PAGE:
Thursday, December 23, 2010

What I think

I am not an expert on attachment issues. In fact, I don't think there are really any true experts out there. Instead, i think there are people who are experts in certain fields, like psychology or neurophysiology, and then there are parents who are experts in their own kids. My own experience is 16 years of parenting one and now three kids with attachment challenges, plus 25 years of scientific research in the medical field, including neurology and pharmacology. That makes me fully qualified to give absolutely NO advice to ANYONE. Hah!

Instead today I am going to talk about what I think, my opinions and my take on things from my perspective. Take it for what it is, just my thoughts. I spend a lot of time thinking about attachment, reading about attachment and trying to really understand attachment. I end up with more questions than answers. I have the feeling a lot of people end up in the same place.

First, I truly do believe that attachment issues fall into a broad spectrum. The inherant personality of the child, the collective experiences of the child, the family(s) the child has lived with, and the level of trauma a child has experienced all affect the attachment outcome. Now, for today's post, I am going to define 'trauma' as more than just leaving one loving family for another. All children in adoption have loss, but not all have experienced neglect, abuse, starvation, abandonment, etc. So I am categorizing loss separately from trauma. Why? because in Ahren's case, and in the case of my friend Deb's little guy Bug, they had wonderful loving foster families that did everything they could to help our kids have a healthy transition to their forever families. Our boys were the lucky ones, and yet they have trouble trusting and being securely attached. That is because of their loss. Very understandable.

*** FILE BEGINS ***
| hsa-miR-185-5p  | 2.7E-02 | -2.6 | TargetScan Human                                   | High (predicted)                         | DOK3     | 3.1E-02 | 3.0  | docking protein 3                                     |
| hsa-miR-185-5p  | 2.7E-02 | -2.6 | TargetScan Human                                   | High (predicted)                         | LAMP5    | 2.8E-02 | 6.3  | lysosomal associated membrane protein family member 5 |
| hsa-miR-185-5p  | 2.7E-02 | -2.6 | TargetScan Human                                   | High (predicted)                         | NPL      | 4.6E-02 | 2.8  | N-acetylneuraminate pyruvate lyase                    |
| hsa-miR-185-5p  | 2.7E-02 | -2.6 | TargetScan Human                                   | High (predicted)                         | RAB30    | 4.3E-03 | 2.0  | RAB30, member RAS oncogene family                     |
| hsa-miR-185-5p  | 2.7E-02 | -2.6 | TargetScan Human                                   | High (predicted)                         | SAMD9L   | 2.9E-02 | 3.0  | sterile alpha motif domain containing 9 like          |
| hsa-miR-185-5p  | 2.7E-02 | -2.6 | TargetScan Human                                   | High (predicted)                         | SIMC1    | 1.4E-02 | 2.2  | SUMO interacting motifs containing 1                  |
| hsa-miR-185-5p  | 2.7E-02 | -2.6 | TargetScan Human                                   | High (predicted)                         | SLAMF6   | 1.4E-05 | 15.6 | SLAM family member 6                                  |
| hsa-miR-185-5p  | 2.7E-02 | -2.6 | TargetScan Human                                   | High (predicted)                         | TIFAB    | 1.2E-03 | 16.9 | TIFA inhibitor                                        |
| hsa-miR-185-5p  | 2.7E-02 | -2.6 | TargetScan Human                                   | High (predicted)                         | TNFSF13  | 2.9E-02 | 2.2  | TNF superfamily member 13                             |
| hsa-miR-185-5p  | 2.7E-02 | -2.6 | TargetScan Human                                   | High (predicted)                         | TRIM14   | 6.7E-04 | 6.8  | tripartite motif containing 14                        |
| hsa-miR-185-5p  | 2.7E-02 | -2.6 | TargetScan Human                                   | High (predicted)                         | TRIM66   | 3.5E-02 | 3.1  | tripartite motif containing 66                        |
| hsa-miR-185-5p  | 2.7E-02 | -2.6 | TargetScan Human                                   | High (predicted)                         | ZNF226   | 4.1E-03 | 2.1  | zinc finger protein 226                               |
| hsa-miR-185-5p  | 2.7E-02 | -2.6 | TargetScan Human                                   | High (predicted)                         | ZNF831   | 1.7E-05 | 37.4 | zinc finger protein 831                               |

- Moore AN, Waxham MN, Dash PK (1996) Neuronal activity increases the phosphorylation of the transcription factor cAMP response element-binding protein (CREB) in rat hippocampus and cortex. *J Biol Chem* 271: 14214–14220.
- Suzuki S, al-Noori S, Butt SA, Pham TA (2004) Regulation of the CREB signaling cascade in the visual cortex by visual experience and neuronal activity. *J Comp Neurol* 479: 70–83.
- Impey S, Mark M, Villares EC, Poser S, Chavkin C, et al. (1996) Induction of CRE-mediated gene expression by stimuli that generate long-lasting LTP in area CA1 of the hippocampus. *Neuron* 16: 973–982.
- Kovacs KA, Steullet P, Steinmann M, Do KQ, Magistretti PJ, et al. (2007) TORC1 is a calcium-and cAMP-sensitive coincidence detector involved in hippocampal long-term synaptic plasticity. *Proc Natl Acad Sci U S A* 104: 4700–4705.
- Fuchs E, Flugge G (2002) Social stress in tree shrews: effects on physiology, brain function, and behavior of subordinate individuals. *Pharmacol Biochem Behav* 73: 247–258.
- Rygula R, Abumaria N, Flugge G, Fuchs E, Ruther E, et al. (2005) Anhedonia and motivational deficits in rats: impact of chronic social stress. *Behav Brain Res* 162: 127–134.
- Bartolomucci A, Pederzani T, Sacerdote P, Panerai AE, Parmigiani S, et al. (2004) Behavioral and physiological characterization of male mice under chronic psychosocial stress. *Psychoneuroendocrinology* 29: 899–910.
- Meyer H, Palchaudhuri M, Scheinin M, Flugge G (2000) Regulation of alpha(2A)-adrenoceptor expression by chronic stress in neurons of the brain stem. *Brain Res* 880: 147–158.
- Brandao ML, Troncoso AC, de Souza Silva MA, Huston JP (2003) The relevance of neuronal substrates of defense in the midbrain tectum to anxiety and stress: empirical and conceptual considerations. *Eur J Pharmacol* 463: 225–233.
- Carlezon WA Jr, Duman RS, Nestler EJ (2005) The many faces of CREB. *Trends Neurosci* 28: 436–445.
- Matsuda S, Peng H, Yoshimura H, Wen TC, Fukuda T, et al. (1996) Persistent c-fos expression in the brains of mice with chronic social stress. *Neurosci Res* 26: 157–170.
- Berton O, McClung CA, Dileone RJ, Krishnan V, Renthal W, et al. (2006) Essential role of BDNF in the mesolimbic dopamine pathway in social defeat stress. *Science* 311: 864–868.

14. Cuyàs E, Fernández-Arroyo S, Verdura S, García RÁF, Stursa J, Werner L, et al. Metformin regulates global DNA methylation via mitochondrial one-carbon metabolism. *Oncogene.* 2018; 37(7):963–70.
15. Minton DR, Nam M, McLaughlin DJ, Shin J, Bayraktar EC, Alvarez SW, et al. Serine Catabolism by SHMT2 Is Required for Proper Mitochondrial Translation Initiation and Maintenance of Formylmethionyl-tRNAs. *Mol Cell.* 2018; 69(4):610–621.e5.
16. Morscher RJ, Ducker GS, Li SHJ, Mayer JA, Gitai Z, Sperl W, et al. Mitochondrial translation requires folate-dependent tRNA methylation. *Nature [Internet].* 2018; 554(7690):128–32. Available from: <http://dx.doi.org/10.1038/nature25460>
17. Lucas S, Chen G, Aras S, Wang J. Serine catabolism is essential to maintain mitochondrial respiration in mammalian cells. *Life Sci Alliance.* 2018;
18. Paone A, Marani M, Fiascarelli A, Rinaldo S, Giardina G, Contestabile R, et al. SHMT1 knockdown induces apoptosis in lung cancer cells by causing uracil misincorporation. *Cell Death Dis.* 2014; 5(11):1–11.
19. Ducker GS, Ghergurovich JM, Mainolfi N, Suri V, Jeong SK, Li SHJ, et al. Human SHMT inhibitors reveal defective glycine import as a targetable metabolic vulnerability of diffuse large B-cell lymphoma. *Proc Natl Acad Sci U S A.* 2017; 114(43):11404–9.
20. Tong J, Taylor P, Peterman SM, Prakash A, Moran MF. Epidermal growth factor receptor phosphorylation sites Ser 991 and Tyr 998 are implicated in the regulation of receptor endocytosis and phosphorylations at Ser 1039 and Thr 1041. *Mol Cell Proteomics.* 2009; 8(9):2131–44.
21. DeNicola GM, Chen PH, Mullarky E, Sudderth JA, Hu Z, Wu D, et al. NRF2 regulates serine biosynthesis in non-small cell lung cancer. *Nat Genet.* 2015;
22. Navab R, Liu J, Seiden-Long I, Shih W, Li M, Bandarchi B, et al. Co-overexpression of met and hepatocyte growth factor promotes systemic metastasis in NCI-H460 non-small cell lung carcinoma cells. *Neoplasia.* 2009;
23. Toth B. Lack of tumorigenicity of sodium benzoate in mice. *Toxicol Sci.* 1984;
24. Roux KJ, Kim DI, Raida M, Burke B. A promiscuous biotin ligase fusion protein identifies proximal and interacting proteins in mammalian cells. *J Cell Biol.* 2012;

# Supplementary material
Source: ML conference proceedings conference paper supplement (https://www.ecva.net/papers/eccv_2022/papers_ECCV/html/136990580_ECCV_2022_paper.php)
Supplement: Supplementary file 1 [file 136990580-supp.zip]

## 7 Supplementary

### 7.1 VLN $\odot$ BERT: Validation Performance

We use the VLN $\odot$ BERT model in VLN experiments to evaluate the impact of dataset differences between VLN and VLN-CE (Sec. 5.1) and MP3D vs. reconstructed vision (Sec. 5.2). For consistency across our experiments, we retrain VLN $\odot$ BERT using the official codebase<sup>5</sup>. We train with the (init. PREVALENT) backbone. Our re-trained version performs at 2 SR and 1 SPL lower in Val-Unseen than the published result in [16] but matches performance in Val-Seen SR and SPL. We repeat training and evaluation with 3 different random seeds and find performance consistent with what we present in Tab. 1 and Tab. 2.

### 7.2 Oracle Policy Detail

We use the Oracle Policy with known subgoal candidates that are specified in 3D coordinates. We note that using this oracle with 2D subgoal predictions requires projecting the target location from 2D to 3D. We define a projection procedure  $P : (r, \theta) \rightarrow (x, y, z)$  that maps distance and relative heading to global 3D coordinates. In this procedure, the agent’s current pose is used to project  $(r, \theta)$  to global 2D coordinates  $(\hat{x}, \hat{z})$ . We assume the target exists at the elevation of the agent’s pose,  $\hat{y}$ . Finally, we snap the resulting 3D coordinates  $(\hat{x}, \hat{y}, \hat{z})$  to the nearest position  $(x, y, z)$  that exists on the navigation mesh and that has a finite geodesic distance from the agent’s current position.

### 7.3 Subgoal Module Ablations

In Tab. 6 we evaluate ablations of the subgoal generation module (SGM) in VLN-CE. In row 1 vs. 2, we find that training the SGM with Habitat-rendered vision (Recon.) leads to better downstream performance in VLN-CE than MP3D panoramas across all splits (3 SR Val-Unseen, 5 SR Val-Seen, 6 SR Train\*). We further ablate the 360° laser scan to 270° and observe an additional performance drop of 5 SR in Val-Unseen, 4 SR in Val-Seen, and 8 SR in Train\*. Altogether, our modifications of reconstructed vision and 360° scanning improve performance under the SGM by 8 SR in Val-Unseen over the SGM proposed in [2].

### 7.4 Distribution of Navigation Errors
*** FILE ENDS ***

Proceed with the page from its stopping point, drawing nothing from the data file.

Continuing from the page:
Children who experience traumatic experiences on top of loss have much deeper issues, issues that include how they process things at a much deeper neurological level. Abuse and neglect permanently change who a person is, how they deal with the world around them, and how they relate to others. I truly believe that the more trauma a child experiences, and the longer they experience it makes their issues much greater and harder to repair.

I also believe that other issues complicate our children. Genetic predispositions and other organic diseases like ADHD, bipolar disorder, depression, sensory disorders, and many others add a layer of complexity to these kids. I like to relate it to Shrek and his 'onions have layers' analogy. These kids have layers, many many layers that we have to peel away slowly to find the truth in order to help them. Plus, the layers often co-mingle in the way they present to us, so figuring out what behavior comes from an organic cause (ADHD), a trauma cause (PTSD) or is simply the rather normal behavior of a 4-year old boy (ayy yie yie!) is almost impossible!

Now add in the fact that we cannot just love them back to health, that they work incredibly hard to push us away, annoy us, disgust us and push our buttons. They do this because they want to hurt us and push us away before they become attached to us, care too much and risk being hurt again. In my mind I know this, but 'feeling' it and acting on it while a child is screaming that he wants to kill you is something else. Also consider that this goes on 24/7/365 and no human being has the stamina to be at their best all the time. Parents of 'challenging' kids make mistakes, we slip up, we feel guilty, we beat ourselves up all the time. This is no sprint, this is an all-out Iron Man Triathalon of healing where our opponents continually beat us up (physically and emotionally). I guess I shouldn't liken our kids to opponents, what I mean is that their issues are our opponents. Our kids are the true winners and if they win, we all win.

Attachment problems are not adoption specific. Did you know that? A child who is very ill during the first two years of life can also develop attachment issues. That's what happened with my biological daughter Ashley. From her first days of life she struggled with food allergies, intestinal bleeding, life-threatening infections, surgeries, high fevers, etc. I could not comfort her adequately during that time. In her heart I failed her as a parent and she did not trust me. In fact, she spent a lot of energy punishing me in every way imagineable. Unfortunately I had never heard of attachment issues. I parented her from my gut and made many, many mistakes. It's a miracle she is such a great kid now. There have been so many nights I cried myself to sleep knowing in my heart I was failing her and not able to change that.

I have more to share, but need to go parent the kids bouncing off my walls this very moment. LOL!


Reba said...

This post made me cry because this has been such a big topic at our house lately. I do cry often, feeling like I am failing. I know I am making mistakes. And I know that the hurts to heal in her heart are much bigger than I can fill. :( I wish there were a quick easy solution.

Diana said...

Well said! Very well said. Trauma soup is almost impossible to untangle and figure out at time.